Nurses have a wide multitude of expected tasks throughout an eight or twelve hour shift. They are expected to exchange report on their patients, check patient’s orders, medications and labs, sometimes immediately start their shift following up on a task that was passed on to them by the previous shift. They are supposed to start their shift off by checking on, meeting and assessing their patients. If everything is going well, they begin to pass medications which requires applying experience, skills and training because specific laboratory results or patient conditions may require a change in any given medication. Throughout the day there will be expected and scheduled treatments which include dressing changes or repetitive assessments to keep a patient stable. The reality of nursing is that on a “medical/surgical” unit with a nurse being responsible for 5 patients, her tasks alone can easily consume an eight or twelve hour shift. Now add interruptions with phone calls, water, blankets, bed changes, assisting patients to the bathroom and even waiting on families and visitors who seem to think that nurse is another word for “waitress.” In a regular eight to twelve hour day the nurse finds herself behind on the important tasks of patient care trying to maintain “customer satisfaction” with a smile while addressing interruptions. Using the words; “I do not have the time right now” can send the nurse right to the unemployment line with absolutely no reference for any time spent on the job.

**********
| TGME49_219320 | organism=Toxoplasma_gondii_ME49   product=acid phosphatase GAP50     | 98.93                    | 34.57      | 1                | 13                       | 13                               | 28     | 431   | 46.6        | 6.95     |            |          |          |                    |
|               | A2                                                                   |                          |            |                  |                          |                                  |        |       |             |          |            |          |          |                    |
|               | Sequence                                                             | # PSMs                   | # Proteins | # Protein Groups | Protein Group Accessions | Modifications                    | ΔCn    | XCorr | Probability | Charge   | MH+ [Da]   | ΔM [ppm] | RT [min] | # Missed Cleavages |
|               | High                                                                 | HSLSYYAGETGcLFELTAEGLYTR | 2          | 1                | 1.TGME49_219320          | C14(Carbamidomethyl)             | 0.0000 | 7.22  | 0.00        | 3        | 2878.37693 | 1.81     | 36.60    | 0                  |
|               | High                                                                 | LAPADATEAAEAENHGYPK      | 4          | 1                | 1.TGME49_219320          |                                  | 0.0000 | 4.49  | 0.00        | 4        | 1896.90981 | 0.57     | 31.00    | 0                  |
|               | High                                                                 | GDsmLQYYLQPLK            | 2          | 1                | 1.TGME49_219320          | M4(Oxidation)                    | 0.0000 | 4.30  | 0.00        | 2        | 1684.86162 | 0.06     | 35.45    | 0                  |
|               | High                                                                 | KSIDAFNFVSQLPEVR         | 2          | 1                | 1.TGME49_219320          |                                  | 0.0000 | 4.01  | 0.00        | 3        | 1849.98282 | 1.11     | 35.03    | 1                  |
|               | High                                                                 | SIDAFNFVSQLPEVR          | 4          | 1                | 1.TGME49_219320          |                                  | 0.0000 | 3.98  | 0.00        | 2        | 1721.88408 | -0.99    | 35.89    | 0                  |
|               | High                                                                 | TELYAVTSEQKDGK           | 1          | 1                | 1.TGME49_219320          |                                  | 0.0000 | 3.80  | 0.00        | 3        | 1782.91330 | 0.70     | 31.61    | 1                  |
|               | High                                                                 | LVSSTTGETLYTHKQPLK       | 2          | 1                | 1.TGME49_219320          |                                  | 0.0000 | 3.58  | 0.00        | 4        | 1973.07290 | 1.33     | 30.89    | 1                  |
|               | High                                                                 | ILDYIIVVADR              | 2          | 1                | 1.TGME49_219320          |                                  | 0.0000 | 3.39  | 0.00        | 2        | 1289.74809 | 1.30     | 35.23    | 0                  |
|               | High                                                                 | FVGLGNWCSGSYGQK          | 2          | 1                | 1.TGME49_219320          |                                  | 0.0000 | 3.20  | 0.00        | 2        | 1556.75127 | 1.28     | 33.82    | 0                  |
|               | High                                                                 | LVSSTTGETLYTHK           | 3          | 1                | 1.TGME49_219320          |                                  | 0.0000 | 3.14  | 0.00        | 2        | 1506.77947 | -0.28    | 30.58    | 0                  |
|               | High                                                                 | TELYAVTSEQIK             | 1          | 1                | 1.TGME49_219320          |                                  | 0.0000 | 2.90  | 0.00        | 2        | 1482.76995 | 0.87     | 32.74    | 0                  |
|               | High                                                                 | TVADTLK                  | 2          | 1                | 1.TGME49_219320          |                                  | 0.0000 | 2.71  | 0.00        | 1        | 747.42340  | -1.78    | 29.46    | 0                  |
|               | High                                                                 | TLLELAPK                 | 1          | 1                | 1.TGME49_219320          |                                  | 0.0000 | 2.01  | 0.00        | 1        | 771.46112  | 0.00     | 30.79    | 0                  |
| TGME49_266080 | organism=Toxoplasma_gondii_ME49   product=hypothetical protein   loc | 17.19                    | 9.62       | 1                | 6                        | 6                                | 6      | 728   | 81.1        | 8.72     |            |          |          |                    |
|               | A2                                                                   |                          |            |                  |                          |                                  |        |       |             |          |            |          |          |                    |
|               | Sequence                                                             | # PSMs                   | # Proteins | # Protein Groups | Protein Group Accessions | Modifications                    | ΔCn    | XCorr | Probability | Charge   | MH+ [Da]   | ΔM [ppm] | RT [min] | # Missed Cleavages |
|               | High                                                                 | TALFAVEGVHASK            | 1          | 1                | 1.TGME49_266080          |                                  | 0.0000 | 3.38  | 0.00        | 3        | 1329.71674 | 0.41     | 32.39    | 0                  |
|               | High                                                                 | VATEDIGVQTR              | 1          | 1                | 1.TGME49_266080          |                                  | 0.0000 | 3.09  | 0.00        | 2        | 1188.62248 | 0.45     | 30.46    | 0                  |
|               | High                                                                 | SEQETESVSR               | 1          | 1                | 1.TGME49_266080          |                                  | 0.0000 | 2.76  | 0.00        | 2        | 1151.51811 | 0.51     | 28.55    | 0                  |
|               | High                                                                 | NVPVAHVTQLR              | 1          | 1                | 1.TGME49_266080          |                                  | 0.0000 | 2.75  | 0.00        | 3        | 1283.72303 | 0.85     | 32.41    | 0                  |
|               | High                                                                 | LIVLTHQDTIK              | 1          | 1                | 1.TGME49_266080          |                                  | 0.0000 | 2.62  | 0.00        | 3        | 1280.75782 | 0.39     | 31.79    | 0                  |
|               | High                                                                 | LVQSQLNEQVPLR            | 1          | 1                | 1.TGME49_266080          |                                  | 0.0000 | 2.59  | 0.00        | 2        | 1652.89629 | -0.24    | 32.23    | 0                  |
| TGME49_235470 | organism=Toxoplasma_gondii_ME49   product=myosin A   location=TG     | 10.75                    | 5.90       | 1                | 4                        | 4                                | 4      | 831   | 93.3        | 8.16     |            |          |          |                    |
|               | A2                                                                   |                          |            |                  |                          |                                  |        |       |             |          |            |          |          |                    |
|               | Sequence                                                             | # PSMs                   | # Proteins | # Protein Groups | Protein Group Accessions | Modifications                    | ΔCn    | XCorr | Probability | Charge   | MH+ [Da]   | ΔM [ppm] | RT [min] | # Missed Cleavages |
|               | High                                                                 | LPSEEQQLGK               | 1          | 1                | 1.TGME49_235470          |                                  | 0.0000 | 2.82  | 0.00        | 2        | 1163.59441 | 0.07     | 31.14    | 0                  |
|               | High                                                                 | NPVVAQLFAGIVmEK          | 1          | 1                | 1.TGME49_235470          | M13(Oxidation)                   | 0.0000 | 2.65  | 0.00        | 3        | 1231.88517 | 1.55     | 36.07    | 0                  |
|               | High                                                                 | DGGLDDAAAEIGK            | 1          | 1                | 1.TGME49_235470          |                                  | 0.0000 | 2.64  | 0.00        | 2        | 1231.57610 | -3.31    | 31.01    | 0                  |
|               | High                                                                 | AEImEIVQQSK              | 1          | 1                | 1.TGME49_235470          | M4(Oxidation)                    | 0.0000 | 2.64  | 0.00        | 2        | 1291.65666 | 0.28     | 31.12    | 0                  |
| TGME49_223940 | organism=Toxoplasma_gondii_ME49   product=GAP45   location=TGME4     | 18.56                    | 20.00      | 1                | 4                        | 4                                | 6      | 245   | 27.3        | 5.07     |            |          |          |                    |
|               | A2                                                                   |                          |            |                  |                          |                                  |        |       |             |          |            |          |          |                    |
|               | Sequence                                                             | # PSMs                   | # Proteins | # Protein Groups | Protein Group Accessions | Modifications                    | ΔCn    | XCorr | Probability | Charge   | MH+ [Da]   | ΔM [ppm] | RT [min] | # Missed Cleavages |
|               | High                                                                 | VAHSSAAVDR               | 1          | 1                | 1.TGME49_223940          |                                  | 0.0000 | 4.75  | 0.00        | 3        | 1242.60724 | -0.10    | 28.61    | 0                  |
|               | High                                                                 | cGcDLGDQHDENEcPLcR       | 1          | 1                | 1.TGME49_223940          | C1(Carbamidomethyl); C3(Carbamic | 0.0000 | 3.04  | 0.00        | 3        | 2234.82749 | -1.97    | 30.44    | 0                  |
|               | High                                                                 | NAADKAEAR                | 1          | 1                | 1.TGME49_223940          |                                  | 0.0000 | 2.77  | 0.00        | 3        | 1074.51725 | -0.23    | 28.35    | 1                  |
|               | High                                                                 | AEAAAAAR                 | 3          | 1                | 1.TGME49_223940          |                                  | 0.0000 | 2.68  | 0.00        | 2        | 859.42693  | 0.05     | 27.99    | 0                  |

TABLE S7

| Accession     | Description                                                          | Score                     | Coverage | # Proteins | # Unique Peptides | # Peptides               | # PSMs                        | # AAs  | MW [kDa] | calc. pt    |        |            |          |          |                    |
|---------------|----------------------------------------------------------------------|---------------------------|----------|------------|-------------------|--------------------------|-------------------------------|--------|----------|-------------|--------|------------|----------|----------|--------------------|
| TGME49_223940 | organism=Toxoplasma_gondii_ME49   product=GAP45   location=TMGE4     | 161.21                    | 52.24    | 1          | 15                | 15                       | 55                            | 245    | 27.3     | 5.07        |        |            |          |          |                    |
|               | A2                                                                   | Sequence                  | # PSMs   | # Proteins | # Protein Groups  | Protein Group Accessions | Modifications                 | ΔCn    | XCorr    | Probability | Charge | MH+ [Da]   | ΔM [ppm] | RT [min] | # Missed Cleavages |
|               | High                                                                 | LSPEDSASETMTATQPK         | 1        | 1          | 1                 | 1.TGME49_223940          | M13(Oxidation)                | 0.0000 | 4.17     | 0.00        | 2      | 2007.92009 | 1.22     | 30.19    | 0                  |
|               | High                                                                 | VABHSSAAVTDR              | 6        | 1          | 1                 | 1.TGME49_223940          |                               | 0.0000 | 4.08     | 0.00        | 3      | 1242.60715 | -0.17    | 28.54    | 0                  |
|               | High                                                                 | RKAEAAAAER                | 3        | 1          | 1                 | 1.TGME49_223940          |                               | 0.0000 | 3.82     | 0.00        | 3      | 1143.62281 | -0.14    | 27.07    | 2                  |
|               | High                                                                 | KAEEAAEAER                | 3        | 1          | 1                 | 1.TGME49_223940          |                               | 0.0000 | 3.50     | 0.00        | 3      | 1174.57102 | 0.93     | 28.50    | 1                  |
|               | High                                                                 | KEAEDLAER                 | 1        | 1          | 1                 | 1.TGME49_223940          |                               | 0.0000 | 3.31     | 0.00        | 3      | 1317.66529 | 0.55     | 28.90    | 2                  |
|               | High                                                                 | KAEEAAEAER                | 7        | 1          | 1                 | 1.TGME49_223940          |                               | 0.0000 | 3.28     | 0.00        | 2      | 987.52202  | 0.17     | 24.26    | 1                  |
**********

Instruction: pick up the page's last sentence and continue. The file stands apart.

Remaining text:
Another dilemma that nurses face is the concept behind “assistive personnel.” The actual job that the nurse has to perform is increased due to the fact that they are supplied with various levels of “assistive personnel.” One of the common problems with this is that the “assistive personnel” may be extremely busy or rebellious towards the nurse resulting in the nurse taking on more of the interruptions and other tasks that takes the nurse away from her expected duties and patient care. Often times, there is a great imbalance within the “assistive personnel” where there might be one reliable tech to every unreliable tech. This not only increases the demands on the tech but the nurse as well. Another imbalance is the experience of staff where there is a mixture of inexperienced new nurses and new techs due to the “revolving door” effect from either job dissatisfaction or movement within the field. This is an on-going event in facilities. Some facilities will have the techs responsible for 10 to 20 patients while nurses care for 5 – 8 or even 10 patients. In all reality, with a patient load that heavy a nurse can easily spend her whole shift practically just trying to pass medications. Add the interruptions and…well…customer satisfaction goes down and the facility administrators come up with more “tasks” to improve the “customer satisfaction” but not the quality of care.